If napping isn’t a good option for you, try taking a walk instead. This will get you outside, where that natural light will remind your body that it’s time to be awake. The exercise will also stimulate you, and it will produce endorphins that will make you feel better about your life, even though you’re tired. This is another good use for your lunch break, especially if you can get outside and away from your desk for a few minutes. You don’t have to work up a sweat, just move your body and let it take care of the rest.
Listen to Stimulating Music
Music can make or break a mood, and it can also help you stay awake. If you can put in earbuds at work, this might be the perfect way to get through a day where you’re exhausted. Make or find an upbeat playlist, put on your headphones, and let the music keep you awake and happy. Be sure to choose music that won’t put you to sleep, though. This can be different for everyone, so know yourself and choose wisely.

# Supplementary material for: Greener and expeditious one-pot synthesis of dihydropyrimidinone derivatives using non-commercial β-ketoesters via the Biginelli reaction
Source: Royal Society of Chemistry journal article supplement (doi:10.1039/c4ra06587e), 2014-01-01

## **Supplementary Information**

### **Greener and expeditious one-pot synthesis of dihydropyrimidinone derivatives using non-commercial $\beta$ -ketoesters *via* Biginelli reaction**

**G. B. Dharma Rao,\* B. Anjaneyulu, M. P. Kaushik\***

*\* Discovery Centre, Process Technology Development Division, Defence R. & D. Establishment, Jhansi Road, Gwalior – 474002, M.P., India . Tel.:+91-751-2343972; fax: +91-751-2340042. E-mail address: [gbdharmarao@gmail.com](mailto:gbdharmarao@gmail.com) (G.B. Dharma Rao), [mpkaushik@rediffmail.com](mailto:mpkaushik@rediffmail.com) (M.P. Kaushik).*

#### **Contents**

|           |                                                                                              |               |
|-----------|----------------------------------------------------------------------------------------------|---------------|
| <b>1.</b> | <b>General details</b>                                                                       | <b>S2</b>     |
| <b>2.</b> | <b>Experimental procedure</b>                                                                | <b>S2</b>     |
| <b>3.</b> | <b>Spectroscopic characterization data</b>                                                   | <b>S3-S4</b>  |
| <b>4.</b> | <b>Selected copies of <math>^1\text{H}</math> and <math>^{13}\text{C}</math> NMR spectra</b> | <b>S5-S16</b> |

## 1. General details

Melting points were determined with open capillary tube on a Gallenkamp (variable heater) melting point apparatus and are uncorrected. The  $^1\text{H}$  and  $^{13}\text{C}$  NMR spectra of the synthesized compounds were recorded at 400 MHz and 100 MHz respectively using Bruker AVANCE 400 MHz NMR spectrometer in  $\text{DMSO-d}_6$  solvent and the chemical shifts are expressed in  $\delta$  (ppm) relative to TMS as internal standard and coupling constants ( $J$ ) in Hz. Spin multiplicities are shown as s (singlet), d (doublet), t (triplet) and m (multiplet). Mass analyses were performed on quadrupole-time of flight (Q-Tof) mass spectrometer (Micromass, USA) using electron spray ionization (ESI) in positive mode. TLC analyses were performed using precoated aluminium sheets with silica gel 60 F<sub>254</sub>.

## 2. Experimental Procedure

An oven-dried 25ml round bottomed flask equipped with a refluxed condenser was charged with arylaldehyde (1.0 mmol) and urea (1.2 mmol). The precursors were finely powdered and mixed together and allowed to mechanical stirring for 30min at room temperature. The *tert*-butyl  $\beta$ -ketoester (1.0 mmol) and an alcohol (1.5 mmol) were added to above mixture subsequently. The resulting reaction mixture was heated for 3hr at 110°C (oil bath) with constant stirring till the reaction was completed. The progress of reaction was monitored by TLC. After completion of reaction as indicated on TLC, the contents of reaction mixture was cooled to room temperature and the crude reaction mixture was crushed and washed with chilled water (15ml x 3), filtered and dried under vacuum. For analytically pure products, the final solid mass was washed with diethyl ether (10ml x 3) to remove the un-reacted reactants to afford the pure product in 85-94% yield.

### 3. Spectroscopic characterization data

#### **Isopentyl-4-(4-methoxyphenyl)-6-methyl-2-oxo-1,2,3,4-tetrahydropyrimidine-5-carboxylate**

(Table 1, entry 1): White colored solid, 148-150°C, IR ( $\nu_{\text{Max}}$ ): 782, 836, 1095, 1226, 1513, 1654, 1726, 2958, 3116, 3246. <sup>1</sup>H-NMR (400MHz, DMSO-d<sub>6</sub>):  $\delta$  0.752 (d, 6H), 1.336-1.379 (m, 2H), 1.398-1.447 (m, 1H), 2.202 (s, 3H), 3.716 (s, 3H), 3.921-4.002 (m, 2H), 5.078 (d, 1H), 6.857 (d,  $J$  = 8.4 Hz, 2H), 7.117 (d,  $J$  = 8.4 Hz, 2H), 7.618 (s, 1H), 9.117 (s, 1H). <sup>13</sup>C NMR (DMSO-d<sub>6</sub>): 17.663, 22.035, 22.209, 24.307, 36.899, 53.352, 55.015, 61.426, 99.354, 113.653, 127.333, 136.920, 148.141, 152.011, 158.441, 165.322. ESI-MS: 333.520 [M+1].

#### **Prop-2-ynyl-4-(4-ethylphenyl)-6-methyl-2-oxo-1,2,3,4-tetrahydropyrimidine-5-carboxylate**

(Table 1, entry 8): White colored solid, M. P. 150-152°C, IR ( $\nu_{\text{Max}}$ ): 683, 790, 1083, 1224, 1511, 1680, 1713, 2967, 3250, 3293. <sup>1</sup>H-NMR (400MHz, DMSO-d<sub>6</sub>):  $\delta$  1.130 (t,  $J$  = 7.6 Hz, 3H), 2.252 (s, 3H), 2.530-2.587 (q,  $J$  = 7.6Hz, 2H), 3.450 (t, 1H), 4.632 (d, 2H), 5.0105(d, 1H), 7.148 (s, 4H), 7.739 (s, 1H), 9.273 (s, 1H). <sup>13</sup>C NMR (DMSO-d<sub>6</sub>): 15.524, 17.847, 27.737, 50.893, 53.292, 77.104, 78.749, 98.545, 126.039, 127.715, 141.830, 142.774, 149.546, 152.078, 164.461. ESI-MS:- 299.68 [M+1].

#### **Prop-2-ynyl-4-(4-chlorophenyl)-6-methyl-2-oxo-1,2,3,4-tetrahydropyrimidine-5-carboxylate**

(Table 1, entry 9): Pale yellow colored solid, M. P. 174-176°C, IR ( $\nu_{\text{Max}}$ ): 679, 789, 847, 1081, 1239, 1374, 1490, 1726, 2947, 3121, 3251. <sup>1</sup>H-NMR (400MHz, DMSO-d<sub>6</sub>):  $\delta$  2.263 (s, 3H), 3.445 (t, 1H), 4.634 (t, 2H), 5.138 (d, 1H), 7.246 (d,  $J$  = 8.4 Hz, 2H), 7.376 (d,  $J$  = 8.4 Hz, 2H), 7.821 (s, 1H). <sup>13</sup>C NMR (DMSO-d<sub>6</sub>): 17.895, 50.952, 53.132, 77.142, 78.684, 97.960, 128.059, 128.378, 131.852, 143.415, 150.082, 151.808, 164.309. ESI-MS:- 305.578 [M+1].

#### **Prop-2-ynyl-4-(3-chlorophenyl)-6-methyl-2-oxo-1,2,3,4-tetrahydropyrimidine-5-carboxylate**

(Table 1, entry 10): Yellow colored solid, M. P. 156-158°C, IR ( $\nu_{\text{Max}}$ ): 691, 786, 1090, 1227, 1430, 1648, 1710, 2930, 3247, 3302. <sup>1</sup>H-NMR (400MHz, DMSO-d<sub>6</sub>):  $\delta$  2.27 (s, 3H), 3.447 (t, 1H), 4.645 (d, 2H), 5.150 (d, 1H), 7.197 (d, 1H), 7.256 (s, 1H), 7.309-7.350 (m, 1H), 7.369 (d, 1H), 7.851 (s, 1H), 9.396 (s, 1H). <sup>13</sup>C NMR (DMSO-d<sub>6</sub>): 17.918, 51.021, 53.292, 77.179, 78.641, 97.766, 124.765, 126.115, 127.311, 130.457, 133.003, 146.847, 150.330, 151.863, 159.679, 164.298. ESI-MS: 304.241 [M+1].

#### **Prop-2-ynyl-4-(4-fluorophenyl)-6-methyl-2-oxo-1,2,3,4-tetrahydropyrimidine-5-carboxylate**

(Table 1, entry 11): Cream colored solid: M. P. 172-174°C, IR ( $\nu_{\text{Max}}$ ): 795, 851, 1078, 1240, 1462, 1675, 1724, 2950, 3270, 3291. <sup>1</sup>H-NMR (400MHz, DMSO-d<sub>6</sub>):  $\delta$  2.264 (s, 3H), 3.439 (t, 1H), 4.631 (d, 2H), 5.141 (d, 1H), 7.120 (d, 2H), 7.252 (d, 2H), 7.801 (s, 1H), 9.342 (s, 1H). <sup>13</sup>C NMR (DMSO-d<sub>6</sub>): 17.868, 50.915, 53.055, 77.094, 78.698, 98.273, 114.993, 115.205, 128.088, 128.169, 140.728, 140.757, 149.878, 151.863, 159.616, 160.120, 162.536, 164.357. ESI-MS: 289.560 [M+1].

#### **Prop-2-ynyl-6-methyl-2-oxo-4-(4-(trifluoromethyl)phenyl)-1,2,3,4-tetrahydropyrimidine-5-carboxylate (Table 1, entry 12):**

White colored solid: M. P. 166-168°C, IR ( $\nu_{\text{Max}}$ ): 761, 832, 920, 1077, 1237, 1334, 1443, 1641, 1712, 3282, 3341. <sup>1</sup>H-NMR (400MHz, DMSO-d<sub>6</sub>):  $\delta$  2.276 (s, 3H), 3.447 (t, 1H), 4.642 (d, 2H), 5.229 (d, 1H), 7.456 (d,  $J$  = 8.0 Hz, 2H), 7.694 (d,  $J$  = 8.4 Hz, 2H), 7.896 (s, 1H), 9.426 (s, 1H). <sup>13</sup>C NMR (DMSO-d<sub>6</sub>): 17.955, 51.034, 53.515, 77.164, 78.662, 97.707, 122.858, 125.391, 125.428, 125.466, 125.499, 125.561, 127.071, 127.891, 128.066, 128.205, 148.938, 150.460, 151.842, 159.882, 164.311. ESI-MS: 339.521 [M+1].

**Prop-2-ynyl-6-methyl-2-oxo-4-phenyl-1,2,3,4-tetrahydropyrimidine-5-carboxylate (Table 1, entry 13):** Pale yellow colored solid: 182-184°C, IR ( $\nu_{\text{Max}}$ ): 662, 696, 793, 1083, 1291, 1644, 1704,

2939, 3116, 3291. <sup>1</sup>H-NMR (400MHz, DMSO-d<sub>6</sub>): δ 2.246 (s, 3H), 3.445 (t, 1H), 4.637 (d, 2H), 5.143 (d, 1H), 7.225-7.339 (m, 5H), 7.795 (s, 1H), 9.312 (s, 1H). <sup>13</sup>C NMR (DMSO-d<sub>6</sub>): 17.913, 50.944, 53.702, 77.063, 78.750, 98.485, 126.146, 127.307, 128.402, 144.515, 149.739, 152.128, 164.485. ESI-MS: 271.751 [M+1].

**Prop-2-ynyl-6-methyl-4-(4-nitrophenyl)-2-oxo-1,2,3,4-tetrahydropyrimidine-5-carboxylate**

Go Back to Normal
As soon as possible, get your body back on its regular sleep/wake schedule. You may want to go to bed a bit earlier the night after the night where you don’t sleep well, and that’s fine. Resist, though, the urge to go to bed a lot earlier than usual. This will throw off your rest even more, and you may find yourself wide awake at 4 AM. Instead, expect that it might take a day or two for your body to recalibrate. Do your best to stick to a schedule you know and one that your body expects.
A bad night of sleep doesn’t have to be the end of the world. In fact, it doesn’t have to be much more than a small stumbling block on your road to success. Choose to have a good attitude about it, and spend your day making up for the negative effects of little rest, rather than fighting yourself and your body all day long. Don’t make it into a big deal. You may find that it’s not as bad as you thought it would be.